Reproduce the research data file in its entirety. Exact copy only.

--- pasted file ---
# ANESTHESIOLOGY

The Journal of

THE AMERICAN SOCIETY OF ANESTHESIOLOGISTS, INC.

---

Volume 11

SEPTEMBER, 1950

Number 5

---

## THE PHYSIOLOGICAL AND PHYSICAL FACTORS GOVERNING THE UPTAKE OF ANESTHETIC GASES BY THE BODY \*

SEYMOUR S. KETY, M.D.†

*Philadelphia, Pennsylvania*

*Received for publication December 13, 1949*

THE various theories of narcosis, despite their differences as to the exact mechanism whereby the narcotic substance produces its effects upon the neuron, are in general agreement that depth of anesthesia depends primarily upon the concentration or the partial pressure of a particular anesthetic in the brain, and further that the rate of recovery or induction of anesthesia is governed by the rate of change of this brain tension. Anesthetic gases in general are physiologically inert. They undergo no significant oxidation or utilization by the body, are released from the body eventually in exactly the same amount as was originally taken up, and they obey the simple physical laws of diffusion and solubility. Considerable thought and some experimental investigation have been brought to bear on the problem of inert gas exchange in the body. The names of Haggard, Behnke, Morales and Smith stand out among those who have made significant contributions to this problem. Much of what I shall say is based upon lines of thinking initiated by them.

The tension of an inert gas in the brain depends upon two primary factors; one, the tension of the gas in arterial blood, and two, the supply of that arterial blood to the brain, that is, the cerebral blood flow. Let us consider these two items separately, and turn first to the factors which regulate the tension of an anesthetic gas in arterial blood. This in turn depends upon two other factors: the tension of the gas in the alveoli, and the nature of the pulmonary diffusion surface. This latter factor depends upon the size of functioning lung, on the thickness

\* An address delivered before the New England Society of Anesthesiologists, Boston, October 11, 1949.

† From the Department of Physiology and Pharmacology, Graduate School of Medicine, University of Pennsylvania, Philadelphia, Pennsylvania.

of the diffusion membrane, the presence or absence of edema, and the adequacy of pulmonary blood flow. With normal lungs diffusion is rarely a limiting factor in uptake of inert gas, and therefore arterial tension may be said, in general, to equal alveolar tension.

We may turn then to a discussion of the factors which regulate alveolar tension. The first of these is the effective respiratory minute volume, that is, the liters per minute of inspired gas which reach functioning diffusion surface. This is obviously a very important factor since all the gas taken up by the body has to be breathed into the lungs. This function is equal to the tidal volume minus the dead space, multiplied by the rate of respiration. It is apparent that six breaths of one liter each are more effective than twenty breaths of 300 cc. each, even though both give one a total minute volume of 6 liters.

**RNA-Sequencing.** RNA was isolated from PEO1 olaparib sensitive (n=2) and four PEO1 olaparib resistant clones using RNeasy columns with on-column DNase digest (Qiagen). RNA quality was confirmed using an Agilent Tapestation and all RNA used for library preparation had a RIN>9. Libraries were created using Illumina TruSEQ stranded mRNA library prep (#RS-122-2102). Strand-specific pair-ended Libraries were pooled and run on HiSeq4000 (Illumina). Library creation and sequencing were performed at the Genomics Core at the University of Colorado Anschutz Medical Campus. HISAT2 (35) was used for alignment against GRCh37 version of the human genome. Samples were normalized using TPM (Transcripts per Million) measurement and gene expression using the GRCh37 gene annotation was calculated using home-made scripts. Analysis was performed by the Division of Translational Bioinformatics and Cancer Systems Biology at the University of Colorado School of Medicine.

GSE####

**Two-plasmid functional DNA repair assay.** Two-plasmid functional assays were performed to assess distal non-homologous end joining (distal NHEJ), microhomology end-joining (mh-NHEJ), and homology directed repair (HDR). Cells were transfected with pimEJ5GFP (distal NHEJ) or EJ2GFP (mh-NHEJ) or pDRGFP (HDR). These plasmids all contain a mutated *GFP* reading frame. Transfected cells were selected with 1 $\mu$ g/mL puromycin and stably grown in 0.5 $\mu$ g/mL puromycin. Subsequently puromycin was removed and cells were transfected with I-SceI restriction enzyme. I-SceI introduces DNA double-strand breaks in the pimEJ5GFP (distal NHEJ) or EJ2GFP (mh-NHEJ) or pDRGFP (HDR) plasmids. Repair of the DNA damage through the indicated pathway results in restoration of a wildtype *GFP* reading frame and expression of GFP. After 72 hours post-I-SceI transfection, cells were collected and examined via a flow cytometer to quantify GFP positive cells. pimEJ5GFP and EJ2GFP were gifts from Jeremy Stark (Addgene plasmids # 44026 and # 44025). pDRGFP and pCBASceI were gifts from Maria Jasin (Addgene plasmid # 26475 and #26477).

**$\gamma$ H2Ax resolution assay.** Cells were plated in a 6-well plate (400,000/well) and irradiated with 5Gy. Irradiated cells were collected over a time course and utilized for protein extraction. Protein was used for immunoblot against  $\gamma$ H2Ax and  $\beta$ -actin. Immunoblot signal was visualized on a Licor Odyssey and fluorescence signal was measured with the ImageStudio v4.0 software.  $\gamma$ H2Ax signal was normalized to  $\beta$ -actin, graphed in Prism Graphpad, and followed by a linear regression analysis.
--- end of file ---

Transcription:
# ANESTHESIOLOGY

The Journal of

THE AMERICAN SOCIETY OF ANESTHESIOLOGISTS, INC.

---

Volume 11

SEPTEMBER, 1950

Number 5

---

## THE PHYSIOLOGICAL AND PHYSICAL FACTORS GOVERNING THE UPTAKE OF ANESTHETIC GASES BY THE BODY \*

SEYMOUR S. KETY, M.D.†

*Philadelphia, Pennsylvania*

*Received for publication December 13, 1949*

THE various theories of narcosis, despite their differences as to the exact mechanism whereby the narcotic substance produces its effects upon the neuron, are in general agreement that depth of anesthesia depends primarily upon the concentration or the partial pressure of a particular anesthetic in the brain, and further that the rate of recovery or induction of anesthesia is governed by the rate of change of this brain tension. Anesthetic gases in general are physiologically inert. They undergo no significant oxidation or utilization by the body, are released from the body eventually in exactly the same amount as was originally taken up, and they obey the simple physical laws of diffusion and solubility. Considerable thought and some experimental investigation have been brought to bear on the problem of inert gas exchange in the body. The names of Haggard, Behnke, Morales and Smith stand out among those who have made significant contributions to this problem. Much of what I shall say is based upon lines of thinking initiated by them.

The tension of an inert gas in the brain depends upon two primary factors; one, the tension of the gas in arterial blood, and two, the supply of that arterial blood to the brain, that is, the cerebral blood flow. Let us consider these two items separately, and turn first to the factors which regulate the tension of an anesthetic gas in arterial blood. This in turn depends upon two other factors: the tension of the gas in the alveoli, and the nature of the pulmonary diffusion surface. This latter factor depends upon the size of functioning lung, on the thickness

\* An address delivered before the New England Society of Anesthesiologists, Boston, October 11, 1949.

† From the Department of Physiology and Pharmacology, Graduate School of Medicine, University of Pennsylvania, Philadelphia, Pennsylvania.

of the diffusion membrane, the presence or absence of edema, and the adequacy of pulmonary blood flow. With normal lungs diffusion is rarely a limiting factor in uptake of inert gas, and therefore arterial tension may be said, in general, to equal alveolar tension.

We may turn then to a discussion of the factors which regulate alveolar tension. The first of these is the effective respiratory minute volume, that is, the liters per minute of inspired gas which reach functioning diffusion surface. This is obviously a very important factor since all the gas taken up by the body has to be breathed into the lungs. This function is equal to the tidal volume minus the dead space, multiplied by the rate of respiration. It is apparent that six breaths of one liter each are more effective than twenty breaths of 300 cc. each, even though both give one a total minute volume of 6 liters.

**RNA-Sequencing.** RNA was isolated from PEO1 olaparib sensitive (n=2) and four PEO1 olaparib resistant clones using RNeasy columns with on-column DNase digest (Qiagen). RNA quality was confirmed using an Agilent Tapestation and all RNA used for library preparation had a RIN>9. Libraries were created using Illumina TruSEQ stranded mRNA library prep (#RS-122-2102). Strand-specific pair-ended Libraries were pooled and run on HiSeq4000 (Illumina). Library creation and sequencing were performed at the Genomics Core at the University of Colorado Anschutz Medical Campus. HISAT2 (35) was used for alignment against GRCh37 version of the human genome. Samples were normalized using TPM (Transcripts per Million) measurement and gene expression using the GRCh37 gene annotation was calculated using home-made scripts. Analysis was performed by the Division of Translational Bioinformatics and Cancer Systems Biology at the University of Colorado School of Medicine.

GSE####

**Two-plasmid functional DNA repair assay.** Two-plasmid functional assays were performed to assess distal non-homologous end joining (distal NHEJ), microhomology end-joining (mh-NHEJ), and homology directed repair (HDR). Cells were transfected with pimEJ5GFP (distal NHEJ) or EJ2GFP (mh-NHEJ) or pDRGFP (HDR). These plasmids all contain a mutated *GFP* reading frame. Transfected cells were selected with 1 $\mu$ g/mL puromycin and stably grown in 0.5 $\mu$ g/mL puromycin. Subsequently puromycin was removed and cells were transfected with I-SceI restriction enzyme. I-SceI introduces DNA double-strand breaks in the pimEJ5GFP (distal NHEJ) or EJ2GFP (mh-NHEJ) or pDRGFP (HDR) plasmids. Repair of the DNA damage through the indicated pathway results in restoration of a wildtype *GFP* reading frame and expression of GFP. After 72 hours post-I-SceI transfection, cells were collected and examined via a flow cytometer to quantify GFP positive cells. pimEJ5GFP and EJ2GFP were gifts from Jeremy Stark (Addgene plasmids # 44026 and # 44025). pDRGFP and pCBASceI were gifts from Maria Jasin (Addgene plasmid # 26475 and #26477).

**$\gamma$ H2Ax resolution assay.** Cells were plated in a 6-well plate (400,000/well) and irradiated with 5Gy. Irradiated cells were collected over a time course and utilized for protein extraction. Protein was used for immunoblot against  $\gamma$ H2Ax and  $\beta$ -actin. Immunoblot signal was visualized on a Licor Odyssey and fluorescence signal was measured with the ImageStudio v4.0 software.  $\gamma$ H2Ax signal was normalized to  $\beta$ -actin, graphed in Prism Graphpad, and followed by a linear regression analysis.